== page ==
When I arrived in this country, I realized quite quickly that the bathroom area was missing something of great importance. Something that I discovered that I had relied on and taken advantage of all my life...the SHOWER CURTAIN. The first few nights at the hotel in Targoviste, I though "Ok, wow, I guess this is an extra expense that the hotel didn't want to worry about..strange but I can handle it. I'm a PC trainee--flexibility right? I mean, this is probably even a test!!" So for the first few days, I tried not to splash around during each shower, but inevitably left a flood on the floor each time. It was like an art I couldn't master for the life of me. It became a discussion at the dinner table with fellow trainees--"Where are the curtains? Are you leaving a sea of water on the floor too? How do they do it?" We were mystified, but not defeated...yet.
At my gazda's house, I was pleased to see that they had MacGuivered some sort of curtain with string and some plastic to cover the shower. I later discovered that Peace Corps had warned our host families that as Americans, we often "splash" in the shower and we were used to the curtains. Really-we "splash"?! What are we...5? Determined to prove them wrong, during every shower I made sure not to spill even a drop onto the floor. But I digress--the "curtain" that was put up for me was this thin, see-through piece of plastic that hugged my everytime I was busy shampooing or lathering up. It became a daily (ok...so I didn't take a shower EVERY DAY..this is PC after all) struggle with the shower curtain. In my attempt to unwrap myself from the plastic, I ended up spilling water on the floor anyways. So...still losing the battle but I refused to be defeated again.
I arrived at my site here, and this is what met me when I opened my bathroom door. A beautiful bathroom, new sink, shower, toilet...and NO SHOWER CURTAIN. Not even a rod installed. Alright-this is the big test. Shower one went as I expected. No matter how I stood, where I stood, or how I held the shower head, it was an epic fail. The floor was covered. The sink was covered. I realized--I can't do this for 2 years. I can't clean up my bathroom floor, sink, and everything else covered with water after each shower. I AM A SPLASHER! Sad, defeated, I went to the big city of Timisoara in search of a curtain and rod.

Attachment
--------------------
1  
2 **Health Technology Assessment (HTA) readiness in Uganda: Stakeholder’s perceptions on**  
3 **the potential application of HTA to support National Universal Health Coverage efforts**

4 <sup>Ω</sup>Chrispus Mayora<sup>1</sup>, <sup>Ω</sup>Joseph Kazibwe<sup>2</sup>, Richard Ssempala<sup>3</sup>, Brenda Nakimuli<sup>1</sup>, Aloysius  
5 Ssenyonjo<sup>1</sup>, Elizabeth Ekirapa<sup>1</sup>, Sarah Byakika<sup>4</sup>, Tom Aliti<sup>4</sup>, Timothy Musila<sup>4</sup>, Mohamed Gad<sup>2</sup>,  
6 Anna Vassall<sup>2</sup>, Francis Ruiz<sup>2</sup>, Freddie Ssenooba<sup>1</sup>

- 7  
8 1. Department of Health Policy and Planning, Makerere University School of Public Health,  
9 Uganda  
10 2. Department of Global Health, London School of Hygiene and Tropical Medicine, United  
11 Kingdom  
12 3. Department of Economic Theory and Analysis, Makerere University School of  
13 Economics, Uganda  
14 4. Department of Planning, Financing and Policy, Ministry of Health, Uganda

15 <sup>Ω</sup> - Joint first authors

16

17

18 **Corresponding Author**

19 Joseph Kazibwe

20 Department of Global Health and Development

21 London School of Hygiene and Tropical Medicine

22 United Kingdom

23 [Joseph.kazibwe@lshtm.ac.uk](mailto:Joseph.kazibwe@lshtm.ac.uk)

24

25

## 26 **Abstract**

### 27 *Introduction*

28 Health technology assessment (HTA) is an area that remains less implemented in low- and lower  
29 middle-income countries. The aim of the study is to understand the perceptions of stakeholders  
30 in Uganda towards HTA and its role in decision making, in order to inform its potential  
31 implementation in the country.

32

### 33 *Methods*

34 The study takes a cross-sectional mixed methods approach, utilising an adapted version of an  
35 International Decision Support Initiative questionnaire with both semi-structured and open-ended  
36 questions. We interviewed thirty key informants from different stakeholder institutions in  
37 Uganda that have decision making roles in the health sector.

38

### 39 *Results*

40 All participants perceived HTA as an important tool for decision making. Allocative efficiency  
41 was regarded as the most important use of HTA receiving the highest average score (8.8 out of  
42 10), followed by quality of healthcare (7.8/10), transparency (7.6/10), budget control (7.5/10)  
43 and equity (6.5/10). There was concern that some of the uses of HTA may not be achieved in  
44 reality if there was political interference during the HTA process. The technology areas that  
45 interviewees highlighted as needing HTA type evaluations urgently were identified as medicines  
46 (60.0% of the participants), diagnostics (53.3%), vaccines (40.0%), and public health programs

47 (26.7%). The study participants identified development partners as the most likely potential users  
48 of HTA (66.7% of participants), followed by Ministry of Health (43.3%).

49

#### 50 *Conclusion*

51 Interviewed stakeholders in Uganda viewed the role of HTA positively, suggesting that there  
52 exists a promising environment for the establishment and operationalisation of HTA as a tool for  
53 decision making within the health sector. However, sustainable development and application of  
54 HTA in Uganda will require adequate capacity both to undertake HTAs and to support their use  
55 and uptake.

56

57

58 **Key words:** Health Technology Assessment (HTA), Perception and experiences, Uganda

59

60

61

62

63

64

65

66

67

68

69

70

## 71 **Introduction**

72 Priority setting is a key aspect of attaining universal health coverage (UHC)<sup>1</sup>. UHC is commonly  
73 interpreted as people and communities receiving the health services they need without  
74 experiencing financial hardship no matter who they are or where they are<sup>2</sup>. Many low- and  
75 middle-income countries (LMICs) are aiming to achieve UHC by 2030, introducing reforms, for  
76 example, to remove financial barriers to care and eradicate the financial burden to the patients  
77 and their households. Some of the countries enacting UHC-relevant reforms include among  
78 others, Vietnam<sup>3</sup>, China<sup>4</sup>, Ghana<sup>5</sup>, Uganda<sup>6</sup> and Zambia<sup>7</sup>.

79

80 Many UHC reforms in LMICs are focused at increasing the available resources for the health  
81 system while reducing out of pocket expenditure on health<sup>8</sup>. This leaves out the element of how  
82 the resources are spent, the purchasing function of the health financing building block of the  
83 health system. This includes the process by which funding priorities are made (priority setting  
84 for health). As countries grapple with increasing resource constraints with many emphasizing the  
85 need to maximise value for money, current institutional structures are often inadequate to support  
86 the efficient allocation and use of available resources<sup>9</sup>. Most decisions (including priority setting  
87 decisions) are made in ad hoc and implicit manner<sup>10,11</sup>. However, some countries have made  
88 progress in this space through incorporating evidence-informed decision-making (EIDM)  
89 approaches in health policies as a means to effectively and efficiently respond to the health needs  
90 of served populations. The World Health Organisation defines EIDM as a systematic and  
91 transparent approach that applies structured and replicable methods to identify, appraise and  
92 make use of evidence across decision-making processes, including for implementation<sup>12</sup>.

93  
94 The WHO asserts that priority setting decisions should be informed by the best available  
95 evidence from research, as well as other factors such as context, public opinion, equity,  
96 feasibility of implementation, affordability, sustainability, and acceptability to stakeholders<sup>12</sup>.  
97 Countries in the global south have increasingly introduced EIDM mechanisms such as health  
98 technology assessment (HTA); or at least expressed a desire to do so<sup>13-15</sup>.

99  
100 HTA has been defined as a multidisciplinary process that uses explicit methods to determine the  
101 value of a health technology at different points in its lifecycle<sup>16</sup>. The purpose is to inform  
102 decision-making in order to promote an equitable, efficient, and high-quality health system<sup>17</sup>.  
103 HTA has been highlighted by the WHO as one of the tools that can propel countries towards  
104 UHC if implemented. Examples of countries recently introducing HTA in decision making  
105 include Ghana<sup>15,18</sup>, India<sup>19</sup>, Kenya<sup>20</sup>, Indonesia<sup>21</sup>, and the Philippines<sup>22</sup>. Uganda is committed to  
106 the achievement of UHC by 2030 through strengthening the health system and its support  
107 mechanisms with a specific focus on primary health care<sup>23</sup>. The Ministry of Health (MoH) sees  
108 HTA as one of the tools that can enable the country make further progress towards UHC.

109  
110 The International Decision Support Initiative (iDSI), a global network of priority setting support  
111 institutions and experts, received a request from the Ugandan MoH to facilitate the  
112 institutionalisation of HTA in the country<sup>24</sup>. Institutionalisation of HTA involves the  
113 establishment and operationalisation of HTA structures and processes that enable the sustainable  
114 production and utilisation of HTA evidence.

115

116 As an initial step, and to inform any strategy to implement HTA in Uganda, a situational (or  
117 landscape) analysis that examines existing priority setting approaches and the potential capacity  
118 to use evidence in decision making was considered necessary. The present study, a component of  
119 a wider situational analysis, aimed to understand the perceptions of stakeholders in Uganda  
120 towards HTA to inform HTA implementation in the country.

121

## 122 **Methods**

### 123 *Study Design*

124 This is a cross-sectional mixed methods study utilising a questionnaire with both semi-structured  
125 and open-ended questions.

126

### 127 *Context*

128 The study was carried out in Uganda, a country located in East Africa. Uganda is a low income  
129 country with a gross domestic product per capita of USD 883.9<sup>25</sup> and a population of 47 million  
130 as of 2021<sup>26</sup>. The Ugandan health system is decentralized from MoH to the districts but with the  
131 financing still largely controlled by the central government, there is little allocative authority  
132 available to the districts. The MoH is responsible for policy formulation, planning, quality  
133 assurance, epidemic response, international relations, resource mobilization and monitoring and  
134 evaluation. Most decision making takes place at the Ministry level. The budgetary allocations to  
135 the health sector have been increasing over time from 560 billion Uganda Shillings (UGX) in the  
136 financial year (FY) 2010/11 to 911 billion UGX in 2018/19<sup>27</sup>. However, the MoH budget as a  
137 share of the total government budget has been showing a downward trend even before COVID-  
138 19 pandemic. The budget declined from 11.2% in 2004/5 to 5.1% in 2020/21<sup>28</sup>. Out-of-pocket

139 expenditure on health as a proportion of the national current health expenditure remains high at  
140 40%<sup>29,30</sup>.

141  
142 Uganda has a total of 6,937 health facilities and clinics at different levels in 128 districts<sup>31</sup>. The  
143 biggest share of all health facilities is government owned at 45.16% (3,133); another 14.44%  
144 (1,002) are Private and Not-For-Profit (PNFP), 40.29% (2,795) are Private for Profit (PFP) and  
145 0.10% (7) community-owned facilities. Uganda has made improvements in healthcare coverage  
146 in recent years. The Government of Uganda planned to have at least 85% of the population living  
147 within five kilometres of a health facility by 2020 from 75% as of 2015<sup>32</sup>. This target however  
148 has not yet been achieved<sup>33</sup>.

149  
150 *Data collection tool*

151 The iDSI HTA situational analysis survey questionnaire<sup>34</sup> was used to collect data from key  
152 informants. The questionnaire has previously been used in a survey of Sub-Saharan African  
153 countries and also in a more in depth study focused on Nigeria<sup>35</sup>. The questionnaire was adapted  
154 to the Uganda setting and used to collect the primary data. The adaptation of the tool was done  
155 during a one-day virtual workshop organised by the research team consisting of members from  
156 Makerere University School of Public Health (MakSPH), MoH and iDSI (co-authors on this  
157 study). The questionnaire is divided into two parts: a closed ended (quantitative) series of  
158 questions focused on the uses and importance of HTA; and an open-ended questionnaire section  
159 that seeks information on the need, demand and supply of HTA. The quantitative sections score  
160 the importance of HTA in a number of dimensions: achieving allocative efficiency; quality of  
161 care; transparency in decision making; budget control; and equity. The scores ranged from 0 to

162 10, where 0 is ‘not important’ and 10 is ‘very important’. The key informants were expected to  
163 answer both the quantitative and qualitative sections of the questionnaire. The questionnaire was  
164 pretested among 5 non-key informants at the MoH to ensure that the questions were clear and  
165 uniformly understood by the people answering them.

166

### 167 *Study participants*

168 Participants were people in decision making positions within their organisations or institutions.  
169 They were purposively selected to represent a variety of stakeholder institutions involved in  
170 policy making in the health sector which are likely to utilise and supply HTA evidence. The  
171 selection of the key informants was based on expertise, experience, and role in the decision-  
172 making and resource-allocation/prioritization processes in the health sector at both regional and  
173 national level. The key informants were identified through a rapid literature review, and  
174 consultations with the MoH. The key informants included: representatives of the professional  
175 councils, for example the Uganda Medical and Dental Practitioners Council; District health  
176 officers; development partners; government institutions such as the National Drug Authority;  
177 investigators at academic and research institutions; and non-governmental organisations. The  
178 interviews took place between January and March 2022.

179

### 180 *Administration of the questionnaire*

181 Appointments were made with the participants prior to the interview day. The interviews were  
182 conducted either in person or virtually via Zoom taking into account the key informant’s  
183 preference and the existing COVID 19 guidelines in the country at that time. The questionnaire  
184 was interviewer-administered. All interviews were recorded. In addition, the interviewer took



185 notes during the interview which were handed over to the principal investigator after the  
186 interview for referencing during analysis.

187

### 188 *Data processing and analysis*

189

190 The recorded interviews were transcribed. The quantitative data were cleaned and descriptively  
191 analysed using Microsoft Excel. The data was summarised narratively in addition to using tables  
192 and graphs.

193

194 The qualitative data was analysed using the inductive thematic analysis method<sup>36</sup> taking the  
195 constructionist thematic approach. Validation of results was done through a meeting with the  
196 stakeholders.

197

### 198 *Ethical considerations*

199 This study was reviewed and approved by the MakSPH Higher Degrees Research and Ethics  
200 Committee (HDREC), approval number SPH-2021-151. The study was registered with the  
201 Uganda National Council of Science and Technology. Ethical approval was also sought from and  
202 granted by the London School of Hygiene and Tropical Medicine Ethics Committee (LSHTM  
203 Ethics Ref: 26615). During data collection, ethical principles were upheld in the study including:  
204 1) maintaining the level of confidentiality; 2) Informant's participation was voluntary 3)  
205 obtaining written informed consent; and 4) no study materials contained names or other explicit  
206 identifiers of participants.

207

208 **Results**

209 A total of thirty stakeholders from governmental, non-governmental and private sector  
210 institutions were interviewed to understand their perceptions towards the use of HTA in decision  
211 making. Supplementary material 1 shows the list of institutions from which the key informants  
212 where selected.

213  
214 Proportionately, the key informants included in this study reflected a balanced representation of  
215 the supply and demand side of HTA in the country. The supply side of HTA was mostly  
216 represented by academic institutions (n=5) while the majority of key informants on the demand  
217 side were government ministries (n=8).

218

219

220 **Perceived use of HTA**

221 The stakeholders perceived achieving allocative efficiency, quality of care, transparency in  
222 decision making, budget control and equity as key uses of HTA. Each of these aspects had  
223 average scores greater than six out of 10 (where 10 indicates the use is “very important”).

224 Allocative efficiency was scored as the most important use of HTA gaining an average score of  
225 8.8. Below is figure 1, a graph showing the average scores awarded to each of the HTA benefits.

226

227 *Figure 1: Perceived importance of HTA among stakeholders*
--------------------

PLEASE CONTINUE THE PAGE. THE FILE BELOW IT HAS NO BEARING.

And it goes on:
I walked down the aisles, feeling a bit of a failure. Do they even sell them? Are the Romanians looking at me and laughing? Do they know I'm a splasher?? I found them in a small, tiny area of the cleaning supplies. Ironic. I saw one I liked-then saw the price. 40 LEI?! 40?? Really? Ok..so that is like..10 American dollars, but I refused to pay that much for something so..boring as a shower curtain. Forget that it is a necessity, forget that I've spent countless mornings mopping up the mess on my floor, I WASN'T GOING TO GIVE IN YET! I left the store, determined to become the good, flexible PCV I knew I could be. This situation was not going to get the better of me.
So luckily, I was with another volunteer who (after being here a year), knows a thing or two about shower curtains. He gave it to me plain and simple. "Sara, its all about the squatting method. You have to squat in the shower. It's how they do it." REALLY? I was skeptical...squatting?! What kind of shower is that? Don't your knees cramp up? (Maybe thats just me...lacrosse for 9 years has given me the knees of a grandmother) What if I fall over? He assured me that indeed, this was the answer I've been looking for. I went home, determined to try this new technique without falling, cramping, or spilling any water in the process.
Well friends. SUCCESS IS MINE. To all the Volunteers to come, for all the ones that are already here-the squat method is the way to go. While not entirely comfortable, it is 100% effective and you will no longer be considered, embarrassingly, a "splasher". Try it. Make me proud. And thank you, dear friend, for the advice. For after 3.5 months in Romania, countless trials and errors, and the shame of being called a splasher, I can now relish in the sweet, sweet victory of taking a shower without using 45 towels to soak up WWIII on the floor.